George Takei knows what it’s like to be celebrated as an actor, as a political activist, and as an Internet sensation. Whether he’s recognized for his activism by GLAAD (this year he earned the Vito Russo Award) or by his fans, seven million of whom follow him on facebook, his life is rarely private — and always honorable. He stars in his own documentary, called To Be Takei, produced by Jennifer Kroot, which is making its debut on DirecTV Cinema on July 3, and will be available for viewing through August 5. The documentary’s TV debut is in the run-up to a brick-and-mortar theatrical release later this summer.
I was honored to have a chance to talk to George Takei about the state of LGBT equality, about his documentary, and the upcoming Broadway debut of his musical “Allegiance.”
When I asked my friends and readers if they had any questions for you, most of them said, “Just tell him ‘thank you’ for all he’s done.”
We’re all pulling the same wagon here. All I’m doing is simply making my contribution. Isn’t it amazing how far we’ve come in just a few short years?
You’ve personally come a long way since coming out to the world back in 2005.
It has been a dramatic, amazing, almost surreal experience. The State Department sent me on a two-week speaking tour through South Korea and Japan, and I ended up being honored at a reception hosted by the American ambassador to Japan, Caroline Kennedy. At that reception, one of the guests was the First Lady of Japan, the wife of Prime Minister Shinzo Abe, Mrs. Akie Abe. She told me that she had ridden on a float in Tokyo’s Rainbow Pride just the week before. Can you believe that someone like the First Lady of Japan rode in the Pride Parade?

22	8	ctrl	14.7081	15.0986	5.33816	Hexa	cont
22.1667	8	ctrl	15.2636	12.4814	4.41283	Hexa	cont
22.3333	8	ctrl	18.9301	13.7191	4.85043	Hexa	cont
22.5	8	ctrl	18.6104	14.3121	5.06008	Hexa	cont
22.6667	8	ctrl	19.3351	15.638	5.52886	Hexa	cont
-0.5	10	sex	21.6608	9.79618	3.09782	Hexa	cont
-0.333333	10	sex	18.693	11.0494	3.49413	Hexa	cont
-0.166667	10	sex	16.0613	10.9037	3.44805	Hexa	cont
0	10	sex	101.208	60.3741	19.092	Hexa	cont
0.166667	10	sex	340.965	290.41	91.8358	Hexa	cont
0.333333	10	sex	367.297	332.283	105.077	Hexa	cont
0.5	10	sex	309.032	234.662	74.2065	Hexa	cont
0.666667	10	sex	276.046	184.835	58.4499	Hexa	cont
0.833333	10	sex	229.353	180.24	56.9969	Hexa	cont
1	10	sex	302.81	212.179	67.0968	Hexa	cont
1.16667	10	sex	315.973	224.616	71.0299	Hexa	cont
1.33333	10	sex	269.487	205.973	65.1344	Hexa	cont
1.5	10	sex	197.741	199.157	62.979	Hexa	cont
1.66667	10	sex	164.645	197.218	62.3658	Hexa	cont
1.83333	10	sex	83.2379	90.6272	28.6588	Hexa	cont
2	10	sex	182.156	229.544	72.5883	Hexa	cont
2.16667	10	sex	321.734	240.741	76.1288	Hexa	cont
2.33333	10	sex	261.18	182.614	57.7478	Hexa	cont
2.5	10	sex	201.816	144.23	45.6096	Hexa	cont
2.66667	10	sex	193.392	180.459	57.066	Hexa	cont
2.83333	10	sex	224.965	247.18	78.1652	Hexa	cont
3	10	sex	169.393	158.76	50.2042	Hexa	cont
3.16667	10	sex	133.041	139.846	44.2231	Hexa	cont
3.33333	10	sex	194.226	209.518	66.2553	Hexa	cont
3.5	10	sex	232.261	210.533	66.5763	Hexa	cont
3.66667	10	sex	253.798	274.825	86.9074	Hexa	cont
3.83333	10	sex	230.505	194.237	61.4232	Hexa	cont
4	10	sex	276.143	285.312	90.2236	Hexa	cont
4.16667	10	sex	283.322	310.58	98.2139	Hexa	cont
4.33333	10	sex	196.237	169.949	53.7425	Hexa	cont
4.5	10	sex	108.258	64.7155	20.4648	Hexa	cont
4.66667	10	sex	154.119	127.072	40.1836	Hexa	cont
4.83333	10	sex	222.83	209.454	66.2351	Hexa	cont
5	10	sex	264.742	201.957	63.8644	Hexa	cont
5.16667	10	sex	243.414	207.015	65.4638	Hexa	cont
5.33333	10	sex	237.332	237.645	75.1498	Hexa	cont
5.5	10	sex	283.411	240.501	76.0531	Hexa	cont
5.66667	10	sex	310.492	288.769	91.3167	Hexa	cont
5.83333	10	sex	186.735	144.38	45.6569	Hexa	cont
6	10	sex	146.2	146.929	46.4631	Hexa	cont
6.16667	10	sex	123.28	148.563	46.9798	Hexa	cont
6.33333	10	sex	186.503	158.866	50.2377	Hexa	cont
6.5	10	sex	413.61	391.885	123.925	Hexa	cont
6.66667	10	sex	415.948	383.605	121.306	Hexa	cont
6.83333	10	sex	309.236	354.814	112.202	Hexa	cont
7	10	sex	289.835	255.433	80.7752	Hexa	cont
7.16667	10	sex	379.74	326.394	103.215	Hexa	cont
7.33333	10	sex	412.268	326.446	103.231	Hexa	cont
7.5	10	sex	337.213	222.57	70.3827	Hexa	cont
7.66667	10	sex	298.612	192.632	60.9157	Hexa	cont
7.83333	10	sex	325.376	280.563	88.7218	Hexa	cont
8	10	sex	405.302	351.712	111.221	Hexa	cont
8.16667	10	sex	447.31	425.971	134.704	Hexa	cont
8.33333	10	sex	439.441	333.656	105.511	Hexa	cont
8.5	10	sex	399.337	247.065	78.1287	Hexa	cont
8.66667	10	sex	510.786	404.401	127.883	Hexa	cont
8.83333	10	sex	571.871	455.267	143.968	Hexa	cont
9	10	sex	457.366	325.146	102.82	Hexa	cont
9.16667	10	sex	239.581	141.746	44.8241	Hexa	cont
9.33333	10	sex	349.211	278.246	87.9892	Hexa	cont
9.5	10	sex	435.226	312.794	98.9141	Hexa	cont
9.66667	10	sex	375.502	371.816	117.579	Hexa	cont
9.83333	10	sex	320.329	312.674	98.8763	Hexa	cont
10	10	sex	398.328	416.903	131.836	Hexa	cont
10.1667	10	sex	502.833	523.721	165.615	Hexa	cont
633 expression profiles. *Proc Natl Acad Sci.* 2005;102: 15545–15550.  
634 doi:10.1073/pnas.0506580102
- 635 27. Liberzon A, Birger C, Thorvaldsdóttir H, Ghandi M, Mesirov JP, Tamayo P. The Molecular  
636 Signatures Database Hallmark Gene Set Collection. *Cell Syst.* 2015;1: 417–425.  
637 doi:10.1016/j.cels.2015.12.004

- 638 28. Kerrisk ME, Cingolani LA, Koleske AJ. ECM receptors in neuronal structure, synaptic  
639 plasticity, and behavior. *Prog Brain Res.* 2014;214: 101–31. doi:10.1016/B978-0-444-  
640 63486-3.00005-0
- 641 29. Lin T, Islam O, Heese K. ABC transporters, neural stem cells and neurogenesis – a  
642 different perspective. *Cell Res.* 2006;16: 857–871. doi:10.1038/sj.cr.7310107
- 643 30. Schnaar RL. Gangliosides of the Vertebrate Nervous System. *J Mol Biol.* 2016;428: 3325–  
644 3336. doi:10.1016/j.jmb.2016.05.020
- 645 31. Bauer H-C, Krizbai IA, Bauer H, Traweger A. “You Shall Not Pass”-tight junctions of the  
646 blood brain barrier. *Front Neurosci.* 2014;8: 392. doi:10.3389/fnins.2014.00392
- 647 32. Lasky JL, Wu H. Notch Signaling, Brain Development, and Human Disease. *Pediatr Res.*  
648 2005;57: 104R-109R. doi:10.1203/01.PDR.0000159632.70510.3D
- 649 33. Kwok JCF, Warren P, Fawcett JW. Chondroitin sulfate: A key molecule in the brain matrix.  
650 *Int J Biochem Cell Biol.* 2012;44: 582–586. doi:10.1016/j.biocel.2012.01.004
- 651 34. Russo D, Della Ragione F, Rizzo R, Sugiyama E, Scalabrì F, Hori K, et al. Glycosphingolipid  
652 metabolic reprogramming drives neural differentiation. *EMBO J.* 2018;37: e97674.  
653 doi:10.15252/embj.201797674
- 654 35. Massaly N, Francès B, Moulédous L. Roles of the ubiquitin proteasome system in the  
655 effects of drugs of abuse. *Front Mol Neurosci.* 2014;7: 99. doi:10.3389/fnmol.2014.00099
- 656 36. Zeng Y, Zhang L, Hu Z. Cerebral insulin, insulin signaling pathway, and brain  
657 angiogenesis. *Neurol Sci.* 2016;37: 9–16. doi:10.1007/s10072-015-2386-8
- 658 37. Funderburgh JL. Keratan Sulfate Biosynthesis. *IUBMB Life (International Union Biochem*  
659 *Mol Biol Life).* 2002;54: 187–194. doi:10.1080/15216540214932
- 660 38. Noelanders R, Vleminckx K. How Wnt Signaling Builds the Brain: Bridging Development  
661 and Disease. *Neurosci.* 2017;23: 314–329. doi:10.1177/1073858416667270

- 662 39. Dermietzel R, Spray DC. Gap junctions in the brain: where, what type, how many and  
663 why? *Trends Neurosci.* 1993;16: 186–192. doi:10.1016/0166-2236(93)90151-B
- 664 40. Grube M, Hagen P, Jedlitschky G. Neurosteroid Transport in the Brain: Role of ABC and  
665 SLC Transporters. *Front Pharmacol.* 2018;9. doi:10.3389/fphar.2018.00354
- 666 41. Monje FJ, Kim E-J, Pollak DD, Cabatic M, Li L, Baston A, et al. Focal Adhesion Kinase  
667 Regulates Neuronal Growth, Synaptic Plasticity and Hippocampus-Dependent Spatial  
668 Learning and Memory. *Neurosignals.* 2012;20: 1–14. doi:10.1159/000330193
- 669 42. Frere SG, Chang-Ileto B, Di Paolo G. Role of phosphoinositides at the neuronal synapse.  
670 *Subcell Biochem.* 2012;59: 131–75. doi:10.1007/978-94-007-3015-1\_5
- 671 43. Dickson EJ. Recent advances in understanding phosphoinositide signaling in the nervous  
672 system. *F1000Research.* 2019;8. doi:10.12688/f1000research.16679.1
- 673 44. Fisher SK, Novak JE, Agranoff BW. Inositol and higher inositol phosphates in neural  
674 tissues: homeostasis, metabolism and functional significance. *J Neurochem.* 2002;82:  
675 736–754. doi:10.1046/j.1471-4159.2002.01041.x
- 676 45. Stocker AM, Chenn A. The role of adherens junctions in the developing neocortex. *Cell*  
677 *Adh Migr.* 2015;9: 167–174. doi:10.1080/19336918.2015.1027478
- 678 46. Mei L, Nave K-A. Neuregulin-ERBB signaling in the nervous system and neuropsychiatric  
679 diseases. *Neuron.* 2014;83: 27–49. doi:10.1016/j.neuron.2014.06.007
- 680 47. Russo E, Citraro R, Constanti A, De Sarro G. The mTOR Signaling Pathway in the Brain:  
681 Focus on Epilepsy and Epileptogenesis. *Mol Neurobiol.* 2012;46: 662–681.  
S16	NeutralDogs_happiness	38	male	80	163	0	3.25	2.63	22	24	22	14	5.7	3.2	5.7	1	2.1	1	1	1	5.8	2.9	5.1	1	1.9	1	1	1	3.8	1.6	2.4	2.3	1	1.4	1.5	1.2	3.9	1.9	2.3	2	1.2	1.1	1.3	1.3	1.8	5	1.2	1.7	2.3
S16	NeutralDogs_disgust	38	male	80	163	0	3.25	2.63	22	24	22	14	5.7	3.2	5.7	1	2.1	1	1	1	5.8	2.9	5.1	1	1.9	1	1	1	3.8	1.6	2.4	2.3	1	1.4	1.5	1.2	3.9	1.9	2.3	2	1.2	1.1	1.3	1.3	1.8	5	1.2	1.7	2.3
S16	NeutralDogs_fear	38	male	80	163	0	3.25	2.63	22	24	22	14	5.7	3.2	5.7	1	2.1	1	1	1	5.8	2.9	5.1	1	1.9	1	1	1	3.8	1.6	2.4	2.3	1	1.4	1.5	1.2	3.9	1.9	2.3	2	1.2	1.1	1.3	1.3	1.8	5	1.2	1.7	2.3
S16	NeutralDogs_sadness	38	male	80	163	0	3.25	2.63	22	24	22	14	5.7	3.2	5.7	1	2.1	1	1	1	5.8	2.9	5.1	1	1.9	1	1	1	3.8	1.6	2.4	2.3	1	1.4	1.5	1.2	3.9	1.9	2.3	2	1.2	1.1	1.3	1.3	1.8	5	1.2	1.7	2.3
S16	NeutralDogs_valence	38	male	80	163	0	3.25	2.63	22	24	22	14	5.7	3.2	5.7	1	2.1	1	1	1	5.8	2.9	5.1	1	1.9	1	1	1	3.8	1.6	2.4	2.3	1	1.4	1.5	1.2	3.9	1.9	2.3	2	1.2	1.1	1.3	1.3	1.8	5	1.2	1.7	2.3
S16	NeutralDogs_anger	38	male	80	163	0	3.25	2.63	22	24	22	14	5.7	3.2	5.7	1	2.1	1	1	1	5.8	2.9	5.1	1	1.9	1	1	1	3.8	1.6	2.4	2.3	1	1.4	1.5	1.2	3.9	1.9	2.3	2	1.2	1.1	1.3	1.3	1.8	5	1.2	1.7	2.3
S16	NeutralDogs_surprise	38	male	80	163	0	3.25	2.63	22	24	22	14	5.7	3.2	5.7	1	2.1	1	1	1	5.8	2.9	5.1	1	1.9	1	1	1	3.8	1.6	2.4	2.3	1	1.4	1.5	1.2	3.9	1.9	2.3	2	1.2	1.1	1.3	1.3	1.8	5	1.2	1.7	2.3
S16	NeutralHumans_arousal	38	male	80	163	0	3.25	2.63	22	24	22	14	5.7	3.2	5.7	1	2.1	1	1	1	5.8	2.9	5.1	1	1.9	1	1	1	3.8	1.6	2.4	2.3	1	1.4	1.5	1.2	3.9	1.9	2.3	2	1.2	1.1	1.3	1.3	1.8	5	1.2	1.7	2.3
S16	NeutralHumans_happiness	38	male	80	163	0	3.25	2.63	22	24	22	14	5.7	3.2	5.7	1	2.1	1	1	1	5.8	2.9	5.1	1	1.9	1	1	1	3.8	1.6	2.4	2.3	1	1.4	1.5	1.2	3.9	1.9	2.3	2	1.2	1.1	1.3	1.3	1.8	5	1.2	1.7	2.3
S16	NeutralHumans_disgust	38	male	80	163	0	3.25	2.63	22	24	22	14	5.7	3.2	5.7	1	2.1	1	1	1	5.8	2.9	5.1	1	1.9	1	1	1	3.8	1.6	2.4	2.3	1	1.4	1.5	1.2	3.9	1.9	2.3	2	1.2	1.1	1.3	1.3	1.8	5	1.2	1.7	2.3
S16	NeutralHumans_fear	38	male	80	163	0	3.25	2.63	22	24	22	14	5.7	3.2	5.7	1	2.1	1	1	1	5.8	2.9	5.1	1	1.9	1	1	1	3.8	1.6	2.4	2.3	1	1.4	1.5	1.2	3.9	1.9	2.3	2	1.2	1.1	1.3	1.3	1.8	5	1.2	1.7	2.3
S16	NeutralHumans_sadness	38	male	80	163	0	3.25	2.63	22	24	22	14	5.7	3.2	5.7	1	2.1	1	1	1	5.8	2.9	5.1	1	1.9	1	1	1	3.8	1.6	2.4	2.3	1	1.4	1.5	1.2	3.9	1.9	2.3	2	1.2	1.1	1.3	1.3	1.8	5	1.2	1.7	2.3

And then go back to 2005, when both houses of the California Legislature passed a landmark marriage equality bill. Massachusetts had marriage equality at that time, but it came through the courts…so for the first time, the legislature had legalized marriage equality, and the bill went to the desk of the governor, Arnold Schwarzenegger, and he vetoed it. When the press interviewed him, he kept saying in this robotic tone, ‘I have no problem with marriage equality, but I vetoed it.’ And later on we learn that, at that time, he was carrying on with his housekeeper under his wife Maria Shriver’s nose!
To think, from that time to now, when I’m meeting the First Lady of Japan and I’m being honored at a reception by Caroline Kennedy, it’s just surreal to see how much in my life has changed in just nine short years.
Recently, the Fort Lauderdale City Council approved a marriage equality resolution, but the mayor voted against it. How do you feel when you hear people voice their opposition to equality considering that’s clearly the way the country is headed?